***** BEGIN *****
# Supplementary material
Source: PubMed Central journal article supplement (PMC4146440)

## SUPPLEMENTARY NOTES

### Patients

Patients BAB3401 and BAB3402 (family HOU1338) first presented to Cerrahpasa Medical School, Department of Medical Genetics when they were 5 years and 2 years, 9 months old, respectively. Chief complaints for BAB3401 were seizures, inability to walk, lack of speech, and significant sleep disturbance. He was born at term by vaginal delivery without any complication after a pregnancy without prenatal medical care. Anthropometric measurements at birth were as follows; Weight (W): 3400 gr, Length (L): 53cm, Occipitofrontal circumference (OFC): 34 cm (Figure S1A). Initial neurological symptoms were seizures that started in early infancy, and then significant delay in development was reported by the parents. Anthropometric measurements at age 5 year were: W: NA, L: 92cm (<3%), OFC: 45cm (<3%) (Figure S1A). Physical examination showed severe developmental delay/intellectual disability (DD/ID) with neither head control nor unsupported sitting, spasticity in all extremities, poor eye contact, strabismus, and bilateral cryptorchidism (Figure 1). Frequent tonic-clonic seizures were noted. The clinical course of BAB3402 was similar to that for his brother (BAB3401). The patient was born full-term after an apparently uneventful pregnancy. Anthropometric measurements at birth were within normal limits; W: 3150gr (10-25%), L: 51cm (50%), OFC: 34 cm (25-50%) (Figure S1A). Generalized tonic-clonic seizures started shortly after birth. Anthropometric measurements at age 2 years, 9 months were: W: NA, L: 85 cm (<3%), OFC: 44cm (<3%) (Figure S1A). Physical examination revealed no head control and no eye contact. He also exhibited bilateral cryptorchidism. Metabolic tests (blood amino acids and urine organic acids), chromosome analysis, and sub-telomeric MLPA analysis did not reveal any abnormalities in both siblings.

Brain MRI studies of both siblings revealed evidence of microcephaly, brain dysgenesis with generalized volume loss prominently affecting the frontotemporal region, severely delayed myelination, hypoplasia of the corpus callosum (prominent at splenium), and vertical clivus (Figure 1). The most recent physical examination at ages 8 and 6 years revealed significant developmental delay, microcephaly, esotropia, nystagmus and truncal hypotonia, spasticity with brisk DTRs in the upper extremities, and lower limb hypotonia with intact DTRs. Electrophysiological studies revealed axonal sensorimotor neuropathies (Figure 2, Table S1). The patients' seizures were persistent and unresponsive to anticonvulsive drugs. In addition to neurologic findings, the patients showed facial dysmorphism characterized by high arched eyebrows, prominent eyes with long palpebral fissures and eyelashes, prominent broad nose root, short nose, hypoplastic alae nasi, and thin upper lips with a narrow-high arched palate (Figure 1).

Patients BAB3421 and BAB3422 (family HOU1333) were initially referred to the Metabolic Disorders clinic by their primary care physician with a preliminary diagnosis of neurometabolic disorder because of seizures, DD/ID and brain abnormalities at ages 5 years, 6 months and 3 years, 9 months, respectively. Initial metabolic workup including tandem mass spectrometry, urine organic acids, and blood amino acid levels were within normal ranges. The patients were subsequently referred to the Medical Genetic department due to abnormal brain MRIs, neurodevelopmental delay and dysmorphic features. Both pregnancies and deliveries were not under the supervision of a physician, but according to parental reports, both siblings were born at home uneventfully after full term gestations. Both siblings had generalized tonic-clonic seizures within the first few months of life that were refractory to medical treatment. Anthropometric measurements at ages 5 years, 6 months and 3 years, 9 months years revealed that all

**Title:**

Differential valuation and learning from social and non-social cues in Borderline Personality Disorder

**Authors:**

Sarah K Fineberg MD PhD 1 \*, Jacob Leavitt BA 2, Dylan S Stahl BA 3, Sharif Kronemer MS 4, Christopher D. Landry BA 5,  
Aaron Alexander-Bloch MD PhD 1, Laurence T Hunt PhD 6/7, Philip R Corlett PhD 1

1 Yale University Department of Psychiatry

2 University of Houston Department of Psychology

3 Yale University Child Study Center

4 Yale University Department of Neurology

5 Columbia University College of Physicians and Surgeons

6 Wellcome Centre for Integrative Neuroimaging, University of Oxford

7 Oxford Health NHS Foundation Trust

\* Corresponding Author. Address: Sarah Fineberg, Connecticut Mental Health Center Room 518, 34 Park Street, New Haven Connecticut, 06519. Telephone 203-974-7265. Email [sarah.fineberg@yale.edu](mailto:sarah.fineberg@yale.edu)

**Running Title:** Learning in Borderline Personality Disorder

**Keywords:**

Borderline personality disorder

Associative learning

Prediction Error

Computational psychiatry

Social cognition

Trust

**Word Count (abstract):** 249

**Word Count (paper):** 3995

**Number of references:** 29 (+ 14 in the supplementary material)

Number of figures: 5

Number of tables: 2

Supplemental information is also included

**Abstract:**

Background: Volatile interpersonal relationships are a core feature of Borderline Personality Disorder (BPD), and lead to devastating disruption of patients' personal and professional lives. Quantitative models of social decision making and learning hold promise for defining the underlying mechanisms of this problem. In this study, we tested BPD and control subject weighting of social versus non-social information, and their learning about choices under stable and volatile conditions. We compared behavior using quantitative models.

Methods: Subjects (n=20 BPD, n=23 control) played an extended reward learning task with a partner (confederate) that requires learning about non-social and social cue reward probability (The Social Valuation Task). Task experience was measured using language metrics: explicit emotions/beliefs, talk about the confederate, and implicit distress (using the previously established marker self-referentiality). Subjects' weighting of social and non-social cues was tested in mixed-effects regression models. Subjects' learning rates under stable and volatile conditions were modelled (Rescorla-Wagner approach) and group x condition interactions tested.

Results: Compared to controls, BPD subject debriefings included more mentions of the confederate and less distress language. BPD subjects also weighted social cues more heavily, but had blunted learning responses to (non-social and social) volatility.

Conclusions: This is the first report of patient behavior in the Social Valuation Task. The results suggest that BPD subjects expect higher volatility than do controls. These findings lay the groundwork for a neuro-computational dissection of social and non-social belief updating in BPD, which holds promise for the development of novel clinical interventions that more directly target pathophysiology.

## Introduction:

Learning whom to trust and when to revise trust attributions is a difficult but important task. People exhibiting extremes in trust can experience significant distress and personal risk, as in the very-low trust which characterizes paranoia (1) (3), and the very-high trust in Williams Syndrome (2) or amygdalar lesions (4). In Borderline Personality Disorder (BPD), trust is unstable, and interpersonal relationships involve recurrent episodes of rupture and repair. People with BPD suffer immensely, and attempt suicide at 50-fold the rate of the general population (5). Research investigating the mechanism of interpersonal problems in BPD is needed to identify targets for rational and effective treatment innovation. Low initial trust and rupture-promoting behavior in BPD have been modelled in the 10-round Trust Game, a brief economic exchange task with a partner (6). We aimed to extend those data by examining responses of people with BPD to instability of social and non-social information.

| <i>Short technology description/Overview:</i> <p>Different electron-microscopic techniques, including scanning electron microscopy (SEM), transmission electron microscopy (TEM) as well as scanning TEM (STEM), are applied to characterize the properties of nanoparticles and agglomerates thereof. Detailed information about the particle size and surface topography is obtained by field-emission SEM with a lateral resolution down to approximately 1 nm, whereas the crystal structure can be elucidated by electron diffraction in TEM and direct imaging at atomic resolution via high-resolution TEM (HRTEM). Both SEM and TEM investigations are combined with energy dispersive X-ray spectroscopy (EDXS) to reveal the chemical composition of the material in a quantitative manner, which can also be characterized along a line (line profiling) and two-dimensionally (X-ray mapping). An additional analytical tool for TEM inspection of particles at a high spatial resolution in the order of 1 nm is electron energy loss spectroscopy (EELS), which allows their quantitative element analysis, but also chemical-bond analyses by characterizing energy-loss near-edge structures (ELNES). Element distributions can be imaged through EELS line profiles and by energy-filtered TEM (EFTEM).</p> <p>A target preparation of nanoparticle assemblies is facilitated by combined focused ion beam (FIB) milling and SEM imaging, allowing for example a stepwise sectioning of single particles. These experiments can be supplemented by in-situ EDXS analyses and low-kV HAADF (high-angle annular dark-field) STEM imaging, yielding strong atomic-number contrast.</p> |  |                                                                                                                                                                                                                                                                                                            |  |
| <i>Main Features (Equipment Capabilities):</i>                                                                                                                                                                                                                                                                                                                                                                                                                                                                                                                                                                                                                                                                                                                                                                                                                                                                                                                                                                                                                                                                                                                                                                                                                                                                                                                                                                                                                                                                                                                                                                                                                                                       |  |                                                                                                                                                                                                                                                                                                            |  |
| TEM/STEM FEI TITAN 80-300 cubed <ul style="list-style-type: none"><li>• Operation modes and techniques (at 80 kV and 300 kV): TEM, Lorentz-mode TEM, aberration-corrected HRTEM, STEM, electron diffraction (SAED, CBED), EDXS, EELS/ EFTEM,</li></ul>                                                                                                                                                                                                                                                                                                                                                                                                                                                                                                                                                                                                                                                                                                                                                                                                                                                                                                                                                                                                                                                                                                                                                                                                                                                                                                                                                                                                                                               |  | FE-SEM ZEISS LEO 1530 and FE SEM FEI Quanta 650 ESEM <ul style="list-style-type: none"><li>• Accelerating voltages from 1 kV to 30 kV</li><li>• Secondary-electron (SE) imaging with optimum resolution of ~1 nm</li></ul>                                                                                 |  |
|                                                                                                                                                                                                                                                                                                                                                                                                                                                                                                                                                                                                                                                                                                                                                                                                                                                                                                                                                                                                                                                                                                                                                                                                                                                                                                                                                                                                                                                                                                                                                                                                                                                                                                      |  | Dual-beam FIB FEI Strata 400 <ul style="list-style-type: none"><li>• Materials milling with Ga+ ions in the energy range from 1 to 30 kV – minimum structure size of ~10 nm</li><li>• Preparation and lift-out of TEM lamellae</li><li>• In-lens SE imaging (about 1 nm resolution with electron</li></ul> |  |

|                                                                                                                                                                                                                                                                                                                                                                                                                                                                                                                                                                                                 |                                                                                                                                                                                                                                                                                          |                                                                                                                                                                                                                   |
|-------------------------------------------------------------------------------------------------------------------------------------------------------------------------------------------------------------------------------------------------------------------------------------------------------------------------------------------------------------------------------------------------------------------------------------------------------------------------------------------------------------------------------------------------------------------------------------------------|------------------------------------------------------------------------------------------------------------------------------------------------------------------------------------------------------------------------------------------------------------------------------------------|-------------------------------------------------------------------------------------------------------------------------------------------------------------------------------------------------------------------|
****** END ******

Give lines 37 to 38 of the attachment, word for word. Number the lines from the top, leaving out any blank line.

Methods: Subjects (n=20 BPD, n=23 control) played an extended reward learning task with a partner (confederate) that requires learning about non-social and social cue reward probability (The Social Valuation Task). Task experience was measured using language metrics: explicit emotions/beliefs, talk about the confederate, and implicit distress (using the previously established marker self-referentiality). Subjects' weighting of social and non-social cues was tested in mixed-effects regression models. Subjects' learning rates under stable and volatile conditions were modelled (Rescorla-Wagner approach) and group x condition interactions tested.

Results: Compared to controls, BPD subject debriefings included more mentions of the confederate and less distress language. BPD subjects also weighted social cues more heavily, but had blunted learning responses to (non-social and social) volatility.